What site has over 300 hours of video uploaded every minute and 7 billion hours watched every month? Well if you have been living under a rock, get ready, because YouTube is here to stay. With over $4 billion in revenue in 2014 alone, you may be wondering “Where does all this money go?” and “How can my songs make money from it?” Well here are some common misconceptions on how songwriter royalties work with this service.
1) YouTube does not pay songwriters:
Actually, with each YouTube video that uses music, there are 4 different royalty types generated, 2 of which are for songwriters! See below list:
1) A royalty for the content owner
2) A royalty for the sound recording owner
3) A performance royalty for the public broadcast of your song - to you
4) A mechanical royalty for the interactive stream of your song - to you
2) The more views the more $:
The view count per video is actually just one of several different factors that contribute to the amount of $ calculated for advertising on a video. Additional factors include how much of the video is actually watched, how many comments per video, how many subscribers, what kind of content is in the video etc…
3) Artists get paid from live videos and all user generated content:
YouTube royalties are only payable to the artist when a video has the master recording of the song, so if a fan uploads a video of a live performance after seeing the concert, the artist would not be able to monetize on that video. You, the songwriter however, can monetize anytime your song is used regardless of the recording. In this way, composition owners may have a wider range of opportunities for monetization, compared to master recording owners who can only monetize from videos that contain one specific recording.
YouTube’s Content ID system matches audio from original recordings using the sound file and relevant information (Songtrust clients can find and submit ISRC's and other metadata by going to our Songtrust Dashboard --> Spotify/iTunes lookup section) to identify videos that may be a potential match, this goes for cover videos, live performance videos, lyric videos, cat videos etc. giving you the opportunity to either monetize from them or take it down. You can also manually claim videos using your music through Songtrust’s YouTube monitor.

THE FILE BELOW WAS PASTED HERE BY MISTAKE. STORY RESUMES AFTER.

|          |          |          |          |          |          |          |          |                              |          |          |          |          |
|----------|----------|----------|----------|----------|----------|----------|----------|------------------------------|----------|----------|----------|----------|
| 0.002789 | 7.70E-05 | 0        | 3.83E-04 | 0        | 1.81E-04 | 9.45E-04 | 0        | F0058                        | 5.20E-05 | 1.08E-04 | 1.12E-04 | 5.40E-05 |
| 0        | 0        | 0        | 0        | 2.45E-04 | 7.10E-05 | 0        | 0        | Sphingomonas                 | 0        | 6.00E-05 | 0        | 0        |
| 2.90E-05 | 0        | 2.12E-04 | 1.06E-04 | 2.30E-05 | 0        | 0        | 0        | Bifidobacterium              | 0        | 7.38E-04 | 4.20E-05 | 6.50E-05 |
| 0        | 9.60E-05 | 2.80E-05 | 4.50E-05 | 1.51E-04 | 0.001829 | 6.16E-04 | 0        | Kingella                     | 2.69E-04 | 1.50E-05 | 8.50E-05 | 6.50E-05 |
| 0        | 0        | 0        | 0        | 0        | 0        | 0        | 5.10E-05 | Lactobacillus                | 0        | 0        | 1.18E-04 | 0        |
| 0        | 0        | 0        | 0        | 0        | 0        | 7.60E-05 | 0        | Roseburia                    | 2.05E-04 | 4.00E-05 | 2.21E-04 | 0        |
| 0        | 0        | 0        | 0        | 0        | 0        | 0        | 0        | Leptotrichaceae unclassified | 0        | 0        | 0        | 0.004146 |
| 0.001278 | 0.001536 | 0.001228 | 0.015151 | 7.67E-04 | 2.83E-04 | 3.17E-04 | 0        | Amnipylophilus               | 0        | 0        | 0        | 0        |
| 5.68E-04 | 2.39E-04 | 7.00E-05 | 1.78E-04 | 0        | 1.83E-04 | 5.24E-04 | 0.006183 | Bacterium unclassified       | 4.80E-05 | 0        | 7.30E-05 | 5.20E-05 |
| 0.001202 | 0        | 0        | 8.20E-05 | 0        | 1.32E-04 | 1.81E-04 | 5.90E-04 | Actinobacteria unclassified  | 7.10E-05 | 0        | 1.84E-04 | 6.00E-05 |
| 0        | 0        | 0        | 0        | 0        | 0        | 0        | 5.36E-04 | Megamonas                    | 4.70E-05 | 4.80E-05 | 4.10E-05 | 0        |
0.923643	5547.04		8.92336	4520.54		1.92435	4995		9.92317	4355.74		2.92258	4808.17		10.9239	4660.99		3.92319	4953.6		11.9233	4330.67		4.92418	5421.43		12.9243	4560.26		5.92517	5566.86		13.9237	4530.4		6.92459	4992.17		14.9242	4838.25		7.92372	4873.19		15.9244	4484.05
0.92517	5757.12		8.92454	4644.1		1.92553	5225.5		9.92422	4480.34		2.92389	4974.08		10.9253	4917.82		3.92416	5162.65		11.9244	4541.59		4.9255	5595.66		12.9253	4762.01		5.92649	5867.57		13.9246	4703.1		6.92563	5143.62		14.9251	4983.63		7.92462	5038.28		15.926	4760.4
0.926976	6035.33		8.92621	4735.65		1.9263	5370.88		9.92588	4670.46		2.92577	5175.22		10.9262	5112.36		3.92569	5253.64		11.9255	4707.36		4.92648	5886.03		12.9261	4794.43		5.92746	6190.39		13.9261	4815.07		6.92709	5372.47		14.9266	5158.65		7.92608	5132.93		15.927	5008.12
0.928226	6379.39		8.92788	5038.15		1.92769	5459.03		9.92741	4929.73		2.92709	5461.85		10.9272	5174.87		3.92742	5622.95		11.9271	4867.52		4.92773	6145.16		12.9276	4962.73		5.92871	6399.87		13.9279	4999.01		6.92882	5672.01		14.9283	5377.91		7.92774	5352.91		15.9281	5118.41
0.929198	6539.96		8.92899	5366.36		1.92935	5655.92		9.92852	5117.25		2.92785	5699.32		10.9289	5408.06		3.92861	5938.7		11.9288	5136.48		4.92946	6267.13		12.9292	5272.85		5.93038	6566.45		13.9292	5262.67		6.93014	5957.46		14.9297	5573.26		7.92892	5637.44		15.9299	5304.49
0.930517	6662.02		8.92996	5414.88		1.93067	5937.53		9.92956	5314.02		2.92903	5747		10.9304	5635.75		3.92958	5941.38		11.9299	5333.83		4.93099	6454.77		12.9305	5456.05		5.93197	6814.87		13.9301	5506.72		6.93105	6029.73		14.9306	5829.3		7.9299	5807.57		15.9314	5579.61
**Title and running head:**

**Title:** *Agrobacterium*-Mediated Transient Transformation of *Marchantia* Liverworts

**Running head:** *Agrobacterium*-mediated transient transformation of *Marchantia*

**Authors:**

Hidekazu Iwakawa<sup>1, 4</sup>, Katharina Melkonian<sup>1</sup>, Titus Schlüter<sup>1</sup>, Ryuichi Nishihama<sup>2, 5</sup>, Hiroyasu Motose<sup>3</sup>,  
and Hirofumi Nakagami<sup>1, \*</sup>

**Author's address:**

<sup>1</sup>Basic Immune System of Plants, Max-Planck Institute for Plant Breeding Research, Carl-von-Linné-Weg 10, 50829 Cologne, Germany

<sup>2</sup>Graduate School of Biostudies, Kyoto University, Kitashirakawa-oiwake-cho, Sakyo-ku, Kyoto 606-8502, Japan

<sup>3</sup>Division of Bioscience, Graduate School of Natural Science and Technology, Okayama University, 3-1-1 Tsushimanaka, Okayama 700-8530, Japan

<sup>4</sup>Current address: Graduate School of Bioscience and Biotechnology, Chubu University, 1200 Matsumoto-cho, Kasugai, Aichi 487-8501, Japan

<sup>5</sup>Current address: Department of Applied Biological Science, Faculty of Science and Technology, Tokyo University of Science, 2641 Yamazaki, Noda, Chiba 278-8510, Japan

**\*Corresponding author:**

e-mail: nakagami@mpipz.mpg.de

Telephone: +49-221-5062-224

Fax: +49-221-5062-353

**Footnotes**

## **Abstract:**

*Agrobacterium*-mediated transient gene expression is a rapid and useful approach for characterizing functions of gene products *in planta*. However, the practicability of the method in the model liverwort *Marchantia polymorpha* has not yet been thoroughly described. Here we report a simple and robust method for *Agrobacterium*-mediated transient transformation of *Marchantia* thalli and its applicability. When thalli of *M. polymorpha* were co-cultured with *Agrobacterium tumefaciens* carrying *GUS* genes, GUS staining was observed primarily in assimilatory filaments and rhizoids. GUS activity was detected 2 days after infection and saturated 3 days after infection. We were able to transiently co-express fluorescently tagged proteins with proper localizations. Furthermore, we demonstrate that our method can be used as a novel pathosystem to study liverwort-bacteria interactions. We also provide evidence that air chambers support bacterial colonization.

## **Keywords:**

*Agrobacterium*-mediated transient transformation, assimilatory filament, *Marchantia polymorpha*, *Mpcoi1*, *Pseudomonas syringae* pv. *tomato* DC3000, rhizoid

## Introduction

4) YouTube royalties get paid to you by your distributor or label:
Unlike mechanical royalties generated from physical sales and digital distribution, for the most part labels are not involved with you as a songwriter on YouTube. If you are affiliated with ASCAP or BMI, you are eligible to collect the performance royalties generated from your video. Additionally, when you signup with Songtrust, you will automatically be opted into our YouTube partnership and claiming technology, allowing you to collect your interactive streaming mechanical royalties, the other bucket of income generated from YouTube.
5) YouTube pays publishing royalties worldwide:
The money paid out by YouTube directly as well as the money from ASCAP and BMI is primarily US only. Foreign collection societies also track and collect royalties from the service, so in order to make sure you are eligible to collect publishing royalties worldwide you will need to affiliate and register your songs with these societies, Songtrust will take care of this for you.
Author: Alex Badanes
Maximize Songtrust for Your Songs and Business
We created this guide to answer a simple question: How do songwriters support themselves?
The answer is not as simple as we’d like, but our goal is to make it as clear, transparent and understandable as we possibly can.
Songtrust is more than just a rights management platform and publishing administrator - we’re a team of experts in the music community who strive to educate, support, and provide thought leadership to creators, representatives, and businesses across the music industry.
Our hope is that you’ll finish this guide with an better understanding of the business behind songwriting and have actionable resources to help you be successful. Included is an extensive glossary, too; if you see a term in bold in the text, you’ll find it in the glossary at the end.